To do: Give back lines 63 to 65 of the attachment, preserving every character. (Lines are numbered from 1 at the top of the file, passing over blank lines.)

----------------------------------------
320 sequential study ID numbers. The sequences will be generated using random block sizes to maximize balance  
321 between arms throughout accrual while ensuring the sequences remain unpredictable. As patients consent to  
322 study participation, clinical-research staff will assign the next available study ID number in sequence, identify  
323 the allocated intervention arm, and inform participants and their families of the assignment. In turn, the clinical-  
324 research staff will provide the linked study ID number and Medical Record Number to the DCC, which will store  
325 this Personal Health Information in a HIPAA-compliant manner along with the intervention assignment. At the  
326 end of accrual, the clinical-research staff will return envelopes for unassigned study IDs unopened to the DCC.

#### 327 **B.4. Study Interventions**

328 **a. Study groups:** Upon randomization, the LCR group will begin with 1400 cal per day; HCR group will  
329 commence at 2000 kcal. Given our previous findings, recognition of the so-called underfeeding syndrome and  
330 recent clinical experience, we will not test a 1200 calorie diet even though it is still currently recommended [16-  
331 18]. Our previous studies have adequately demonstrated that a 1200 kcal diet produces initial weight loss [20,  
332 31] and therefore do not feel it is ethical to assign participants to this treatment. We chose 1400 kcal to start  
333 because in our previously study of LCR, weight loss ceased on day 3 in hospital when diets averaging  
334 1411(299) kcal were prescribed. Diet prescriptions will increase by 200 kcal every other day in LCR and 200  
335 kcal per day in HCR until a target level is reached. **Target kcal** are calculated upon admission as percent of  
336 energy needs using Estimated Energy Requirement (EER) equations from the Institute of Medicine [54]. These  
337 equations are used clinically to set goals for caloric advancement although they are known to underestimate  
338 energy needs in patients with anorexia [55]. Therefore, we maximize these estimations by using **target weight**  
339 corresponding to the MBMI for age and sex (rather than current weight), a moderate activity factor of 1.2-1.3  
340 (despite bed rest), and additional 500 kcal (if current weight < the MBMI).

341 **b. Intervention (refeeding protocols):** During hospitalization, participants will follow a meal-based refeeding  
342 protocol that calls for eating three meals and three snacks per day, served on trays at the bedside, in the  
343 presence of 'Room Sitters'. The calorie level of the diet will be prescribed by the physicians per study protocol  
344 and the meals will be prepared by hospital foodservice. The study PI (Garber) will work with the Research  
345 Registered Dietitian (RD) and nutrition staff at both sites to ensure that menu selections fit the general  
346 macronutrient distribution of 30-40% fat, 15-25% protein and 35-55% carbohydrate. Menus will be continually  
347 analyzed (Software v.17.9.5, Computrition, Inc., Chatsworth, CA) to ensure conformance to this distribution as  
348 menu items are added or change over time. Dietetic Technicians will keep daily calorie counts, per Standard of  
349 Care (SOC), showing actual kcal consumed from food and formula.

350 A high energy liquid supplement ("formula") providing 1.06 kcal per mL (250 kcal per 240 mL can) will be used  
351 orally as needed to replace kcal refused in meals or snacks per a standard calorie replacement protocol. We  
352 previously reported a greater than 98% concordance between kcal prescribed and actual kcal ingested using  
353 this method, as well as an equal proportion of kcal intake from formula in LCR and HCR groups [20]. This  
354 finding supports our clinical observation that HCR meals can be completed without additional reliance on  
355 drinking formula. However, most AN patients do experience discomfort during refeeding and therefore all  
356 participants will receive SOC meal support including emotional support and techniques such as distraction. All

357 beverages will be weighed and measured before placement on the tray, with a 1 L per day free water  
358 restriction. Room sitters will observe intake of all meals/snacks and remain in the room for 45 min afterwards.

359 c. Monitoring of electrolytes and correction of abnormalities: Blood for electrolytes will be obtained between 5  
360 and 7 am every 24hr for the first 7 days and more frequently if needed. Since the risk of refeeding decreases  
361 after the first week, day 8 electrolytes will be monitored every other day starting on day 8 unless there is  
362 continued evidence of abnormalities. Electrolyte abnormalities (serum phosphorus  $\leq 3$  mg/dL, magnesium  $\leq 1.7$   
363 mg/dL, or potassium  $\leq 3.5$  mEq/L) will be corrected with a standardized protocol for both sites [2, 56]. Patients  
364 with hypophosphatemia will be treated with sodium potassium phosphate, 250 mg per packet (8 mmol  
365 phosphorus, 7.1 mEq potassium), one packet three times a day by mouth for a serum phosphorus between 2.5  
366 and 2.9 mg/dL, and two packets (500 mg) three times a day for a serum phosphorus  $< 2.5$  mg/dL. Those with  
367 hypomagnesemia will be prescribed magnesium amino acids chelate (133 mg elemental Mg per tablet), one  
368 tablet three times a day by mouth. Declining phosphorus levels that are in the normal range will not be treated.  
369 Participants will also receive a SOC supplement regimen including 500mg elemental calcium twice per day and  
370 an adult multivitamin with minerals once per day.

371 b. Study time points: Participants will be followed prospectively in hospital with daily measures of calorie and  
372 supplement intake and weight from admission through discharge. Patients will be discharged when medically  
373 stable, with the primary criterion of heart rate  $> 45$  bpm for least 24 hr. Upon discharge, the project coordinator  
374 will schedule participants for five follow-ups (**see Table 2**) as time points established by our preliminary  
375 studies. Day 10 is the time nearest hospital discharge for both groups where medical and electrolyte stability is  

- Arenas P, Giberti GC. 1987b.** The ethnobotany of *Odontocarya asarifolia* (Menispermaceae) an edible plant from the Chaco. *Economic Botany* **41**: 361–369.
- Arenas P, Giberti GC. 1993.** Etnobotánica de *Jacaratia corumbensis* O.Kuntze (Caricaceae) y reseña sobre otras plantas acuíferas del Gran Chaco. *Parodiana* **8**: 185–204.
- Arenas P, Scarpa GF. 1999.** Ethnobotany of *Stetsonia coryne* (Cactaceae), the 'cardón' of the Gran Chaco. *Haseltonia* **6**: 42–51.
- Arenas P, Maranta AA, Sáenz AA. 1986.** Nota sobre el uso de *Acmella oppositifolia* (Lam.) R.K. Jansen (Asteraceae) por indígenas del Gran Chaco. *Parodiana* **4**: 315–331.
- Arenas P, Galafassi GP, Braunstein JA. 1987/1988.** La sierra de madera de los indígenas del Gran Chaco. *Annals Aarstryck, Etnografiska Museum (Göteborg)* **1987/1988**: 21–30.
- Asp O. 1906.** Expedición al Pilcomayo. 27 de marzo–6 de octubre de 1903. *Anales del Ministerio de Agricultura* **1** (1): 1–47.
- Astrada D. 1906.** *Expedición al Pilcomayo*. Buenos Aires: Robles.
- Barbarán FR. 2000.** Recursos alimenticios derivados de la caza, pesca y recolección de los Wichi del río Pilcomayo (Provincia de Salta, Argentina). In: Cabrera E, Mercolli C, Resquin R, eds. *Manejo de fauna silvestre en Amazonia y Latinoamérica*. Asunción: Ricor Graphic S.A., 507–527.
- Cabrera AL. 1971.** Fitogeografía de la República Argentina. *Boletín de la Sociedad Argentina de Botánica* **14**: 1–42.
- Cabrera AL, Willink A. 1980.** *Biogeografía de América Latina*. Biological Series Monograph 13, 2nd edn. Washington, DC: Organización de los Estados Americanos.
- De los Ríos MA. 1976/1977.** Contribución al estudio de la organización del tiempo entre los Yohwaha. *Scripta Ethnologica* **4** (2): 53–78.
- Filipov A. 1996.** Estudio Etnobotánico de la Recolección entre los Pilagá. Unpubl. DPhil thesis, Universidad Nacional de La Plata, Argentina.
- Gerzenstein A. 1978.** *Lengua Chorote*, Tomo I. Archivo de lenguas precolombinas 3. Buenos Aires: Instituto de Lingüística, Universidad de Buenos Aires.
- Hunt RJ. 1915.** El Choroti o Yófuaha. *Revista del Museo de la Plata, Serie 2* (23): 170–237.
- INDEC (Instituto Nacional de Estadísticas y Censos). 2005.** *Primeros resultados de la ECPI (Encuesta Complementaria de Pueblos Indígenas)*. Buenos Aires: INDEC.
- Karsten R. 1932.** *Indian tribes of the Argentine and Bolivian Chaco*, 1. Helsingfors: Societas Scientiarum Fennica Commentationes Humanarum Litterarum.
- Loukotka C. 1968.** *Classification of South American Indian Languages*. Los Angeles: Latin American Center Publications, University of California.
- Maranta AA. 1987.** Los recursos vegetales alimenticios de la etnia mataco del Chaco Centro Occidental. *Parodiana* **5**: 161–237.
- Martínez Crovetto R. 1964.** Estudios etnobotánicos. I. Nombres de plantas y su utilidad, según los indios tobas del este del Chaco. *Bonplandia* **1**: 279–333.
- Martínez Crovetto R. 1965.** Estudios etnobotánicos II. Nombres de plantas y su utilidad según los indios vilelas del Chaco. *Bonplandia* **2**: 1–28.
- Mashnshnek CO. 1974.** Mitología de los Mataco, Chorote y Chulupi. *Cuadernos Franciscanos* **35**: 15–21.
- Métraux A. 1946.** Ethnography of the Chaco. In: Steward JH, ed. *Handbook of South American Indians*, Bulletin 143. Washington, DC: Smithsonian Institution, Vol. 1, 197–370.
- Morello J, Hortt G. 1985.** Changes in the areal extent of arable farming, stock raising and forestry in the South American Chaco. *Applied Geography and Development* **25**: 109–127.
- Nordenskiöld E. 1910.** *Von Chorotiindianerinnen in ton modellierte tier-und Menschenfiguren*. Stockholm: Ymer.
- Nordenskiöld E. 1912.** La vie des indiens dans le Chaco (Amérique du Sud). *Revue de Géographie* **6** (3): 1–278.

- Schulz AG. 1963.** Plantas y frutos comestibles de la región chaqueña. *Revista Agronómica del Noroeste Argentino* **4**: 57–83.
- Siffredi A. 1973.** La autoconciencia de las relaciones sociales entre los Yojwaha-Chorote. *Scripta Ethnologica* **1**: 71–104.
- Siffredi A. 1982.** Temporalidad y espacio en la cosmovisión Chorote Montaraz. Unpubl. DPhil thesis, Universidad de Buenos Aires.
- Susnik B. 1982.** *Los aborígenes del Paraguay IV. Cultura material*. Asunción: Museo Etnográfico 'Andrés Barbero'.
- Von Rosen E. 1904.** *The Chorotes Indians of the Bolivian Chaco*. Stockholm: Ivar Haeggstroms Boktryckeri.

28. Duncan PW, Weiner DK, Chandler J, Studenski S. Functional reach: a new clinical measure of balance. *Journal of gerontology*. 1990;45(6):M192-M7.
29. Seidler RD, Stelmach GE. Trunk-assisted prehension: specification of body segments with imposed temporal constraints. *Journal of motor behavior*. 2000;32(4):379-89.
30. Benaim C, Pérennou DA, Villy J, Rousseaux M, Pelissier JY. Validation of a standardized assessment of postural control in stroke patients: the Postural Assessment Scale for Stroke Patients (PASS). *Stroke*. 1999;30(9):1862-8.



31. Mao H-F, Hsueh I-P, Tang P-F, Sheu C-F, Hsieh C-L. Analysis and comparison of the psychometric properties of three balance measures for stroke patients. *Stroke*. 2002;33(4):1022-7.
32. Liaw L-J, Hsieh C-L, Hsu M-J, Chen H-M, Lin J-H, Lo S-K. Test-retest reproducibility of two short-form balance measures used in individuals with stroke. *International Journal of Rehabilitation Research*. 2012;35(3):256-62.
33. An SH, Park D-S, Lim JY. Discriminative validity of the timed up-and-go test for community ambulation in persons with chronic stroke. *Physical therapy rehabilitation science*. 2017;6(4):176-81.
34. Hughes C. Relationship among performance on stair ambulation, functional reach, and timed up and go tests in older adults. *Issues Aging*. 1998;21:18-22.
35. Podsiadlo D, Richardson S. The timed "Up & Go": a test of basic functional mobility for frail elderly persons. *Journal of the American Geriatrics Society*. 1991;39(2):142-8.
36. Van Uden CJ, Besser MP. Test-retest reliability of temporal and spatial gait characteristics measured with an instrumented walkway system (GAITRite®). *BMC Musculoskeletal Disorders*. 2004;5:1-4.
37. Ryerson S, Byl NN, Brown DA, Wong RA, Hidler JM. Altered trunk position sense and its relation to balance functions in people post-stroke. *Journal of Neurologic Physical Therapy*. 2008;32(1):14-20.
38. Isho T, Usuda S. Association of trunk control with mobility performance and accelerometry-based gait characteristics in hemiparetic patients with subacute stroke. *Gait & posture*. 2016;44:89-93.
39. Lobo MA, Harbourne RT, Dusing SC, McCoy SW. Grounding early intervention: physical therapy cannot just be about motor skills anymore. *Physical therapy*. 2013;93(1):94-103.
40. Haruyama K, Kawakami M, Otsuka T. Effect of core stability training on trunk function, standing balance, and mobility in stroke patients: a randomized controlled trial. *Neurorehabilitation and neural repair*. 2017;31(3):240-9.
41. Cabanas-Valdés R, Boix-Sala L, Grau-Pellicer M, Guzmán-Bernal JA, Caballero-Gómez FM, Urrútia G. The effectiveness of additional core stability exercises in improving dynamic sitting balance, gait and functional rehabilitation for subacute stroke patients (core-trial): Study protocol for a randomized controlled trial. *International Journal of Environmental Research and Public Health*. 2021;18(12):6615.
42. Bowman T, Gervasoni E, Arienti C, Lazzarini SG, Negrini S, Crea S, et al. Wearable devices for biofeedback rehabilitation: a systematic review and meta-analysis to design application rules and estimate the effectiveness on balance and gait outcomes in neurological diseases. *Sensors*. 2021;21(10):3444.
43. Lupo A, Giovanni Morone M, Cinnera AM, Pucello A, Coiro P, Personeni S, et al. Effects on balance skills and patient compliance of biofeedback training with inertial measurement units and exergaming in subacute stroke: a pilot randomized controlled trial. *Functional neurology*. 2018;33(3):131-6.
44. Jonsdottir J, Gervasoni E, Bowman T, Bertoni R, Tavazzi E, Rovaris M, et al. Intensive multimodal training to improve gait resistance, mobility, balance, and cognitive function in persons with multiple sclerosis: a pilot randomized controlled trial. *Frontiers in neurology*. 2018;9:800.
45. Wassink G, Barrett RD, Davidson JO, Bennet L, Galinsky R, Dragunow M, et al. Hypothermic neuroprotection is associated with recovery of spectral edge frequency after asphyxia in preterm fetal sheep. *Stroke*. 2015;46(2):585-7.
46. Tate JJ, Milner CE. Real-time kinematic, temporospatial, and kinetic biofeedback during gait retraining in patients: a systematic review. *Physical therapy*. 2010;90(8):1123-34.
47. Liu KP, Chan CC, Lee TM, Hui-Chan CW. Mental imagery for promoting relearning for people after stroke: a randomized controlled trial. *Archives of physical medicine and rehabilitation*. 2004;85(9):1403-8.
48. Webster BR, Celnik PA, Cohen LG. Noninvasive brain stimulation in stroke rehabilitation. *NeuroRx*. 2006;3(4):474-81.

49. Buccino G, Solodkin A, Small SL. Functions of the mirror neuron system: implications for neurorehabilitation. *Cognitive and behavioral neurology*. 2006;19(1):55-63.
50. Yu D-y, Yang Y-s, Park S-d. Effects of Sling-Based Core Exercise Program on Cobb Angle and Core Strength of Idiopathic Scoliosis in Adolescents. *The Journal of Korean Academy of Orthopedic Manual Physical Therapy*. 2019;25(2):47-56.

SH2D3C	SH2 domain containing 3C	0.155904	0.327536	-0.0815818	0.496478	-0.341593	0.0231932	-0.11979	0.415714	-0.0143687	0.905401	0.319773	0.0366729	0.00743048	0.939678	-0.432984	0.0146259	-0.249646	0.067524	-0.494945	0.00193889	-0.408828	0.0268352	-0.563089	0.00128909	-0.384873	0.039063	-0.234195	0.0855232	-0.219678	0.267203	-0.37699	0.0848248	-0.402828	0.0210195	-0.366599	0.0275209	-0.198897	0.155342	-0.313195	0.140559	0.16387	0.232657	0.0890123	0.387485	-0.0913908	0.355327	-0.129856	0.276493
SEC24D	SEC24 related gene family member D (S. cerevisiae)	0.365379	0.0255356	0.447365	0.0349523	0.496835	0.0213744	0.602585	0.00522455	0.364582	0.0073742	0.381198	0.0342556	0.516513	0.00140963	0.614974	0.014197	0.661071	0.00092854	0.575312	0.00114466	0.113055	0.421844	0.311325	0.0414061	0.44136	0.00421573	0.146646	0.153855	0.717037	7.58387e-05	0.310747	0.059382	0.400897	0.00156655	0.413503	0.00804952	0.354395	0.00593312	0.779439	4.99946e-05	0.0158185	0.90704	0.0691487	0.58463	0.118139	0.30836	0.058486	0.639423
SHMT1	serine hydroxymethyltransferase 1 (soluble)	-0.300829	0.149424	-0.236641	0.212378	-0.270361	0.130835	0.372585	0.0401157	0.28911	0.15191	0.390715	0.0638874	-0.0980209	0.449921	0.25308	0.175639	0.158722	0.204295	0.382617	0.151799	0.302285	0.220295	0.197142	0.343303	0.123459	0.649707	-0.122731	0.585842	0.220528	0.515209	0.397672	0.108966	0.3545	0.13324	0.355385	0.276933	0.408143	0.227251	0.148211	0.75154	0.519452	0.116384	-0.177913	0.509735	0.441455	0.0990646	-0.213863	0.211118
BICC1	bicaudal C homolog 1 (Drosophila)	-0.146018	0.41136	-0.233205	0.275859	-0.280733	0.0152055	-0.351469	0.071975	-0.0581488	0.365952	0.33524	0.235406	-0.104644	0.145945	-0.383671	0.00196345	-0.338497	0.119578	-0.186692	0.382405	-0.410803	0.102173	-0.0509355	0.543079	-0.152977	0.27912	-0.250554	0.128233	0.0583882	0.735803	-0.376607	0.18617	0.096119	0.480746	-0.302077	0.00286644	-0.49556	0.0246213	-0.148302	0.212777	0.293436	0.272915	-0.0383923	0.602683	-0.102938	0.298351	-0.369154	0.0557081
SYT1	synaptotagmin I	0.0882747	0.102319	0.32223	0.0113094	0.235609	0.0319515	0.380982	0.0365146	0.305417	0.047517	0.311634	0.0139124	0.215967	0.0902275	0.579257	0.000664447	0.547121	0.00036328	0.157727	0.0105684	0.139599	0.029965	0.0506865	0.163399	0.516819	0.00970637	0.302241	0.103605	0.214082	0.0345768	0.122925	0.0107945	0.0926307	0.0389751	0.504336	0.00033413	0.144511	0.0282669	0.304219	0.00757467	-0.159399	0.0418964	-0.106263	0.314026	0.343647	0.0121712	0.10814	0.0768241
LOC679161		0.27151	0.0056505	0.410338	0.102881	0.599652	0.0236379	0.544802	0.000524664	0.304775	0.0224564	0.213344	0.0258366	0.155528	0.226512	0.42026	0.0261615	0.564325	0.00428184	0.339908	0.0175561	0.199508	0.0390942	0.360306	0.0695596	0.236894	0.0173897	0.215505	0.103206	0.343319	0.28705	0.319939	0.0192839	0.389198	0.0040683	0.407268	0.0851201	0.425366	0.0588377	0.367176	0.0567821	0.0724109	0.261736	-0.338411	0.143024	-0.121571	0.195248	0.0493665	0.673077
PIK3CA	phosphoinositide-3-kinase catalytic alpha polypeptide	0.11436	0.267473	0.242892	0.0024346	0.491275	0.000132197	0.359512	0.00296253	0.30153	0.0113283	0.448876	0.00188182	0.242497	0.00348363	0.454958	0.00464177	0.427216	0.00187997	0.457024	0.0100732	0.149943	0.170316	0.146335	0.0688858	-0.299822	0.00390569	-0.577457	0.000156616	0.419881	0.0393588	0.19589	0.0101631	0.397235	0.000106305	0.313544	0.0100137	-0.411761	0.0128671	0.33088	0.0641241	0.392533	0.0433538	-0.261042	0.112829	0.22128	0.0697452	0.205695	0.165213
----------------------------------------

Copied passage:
- Astrada D. 1906.** *Expedición al Pilcomayo*. Buenos Aires: Robles.
- Barbarán FR. 2000.** Recursos alimenticios derivados de la caza, pesca y recolección de los Wichi del río Pilcomayo (Provincia de Salta, Argentina). In: Cabrera E, Mercolli C, Resquin R, eds. *Manejo de fauna silvestre en Amazonia y Latinoamérica*. Asunción: Ricor Graphic S.A., 507–527.
- Cabrera AL. 1971.** Fitogeografía de la República Argentina. *Boletín de la Sociedad Argentina de Botánica* **14**: 1–42.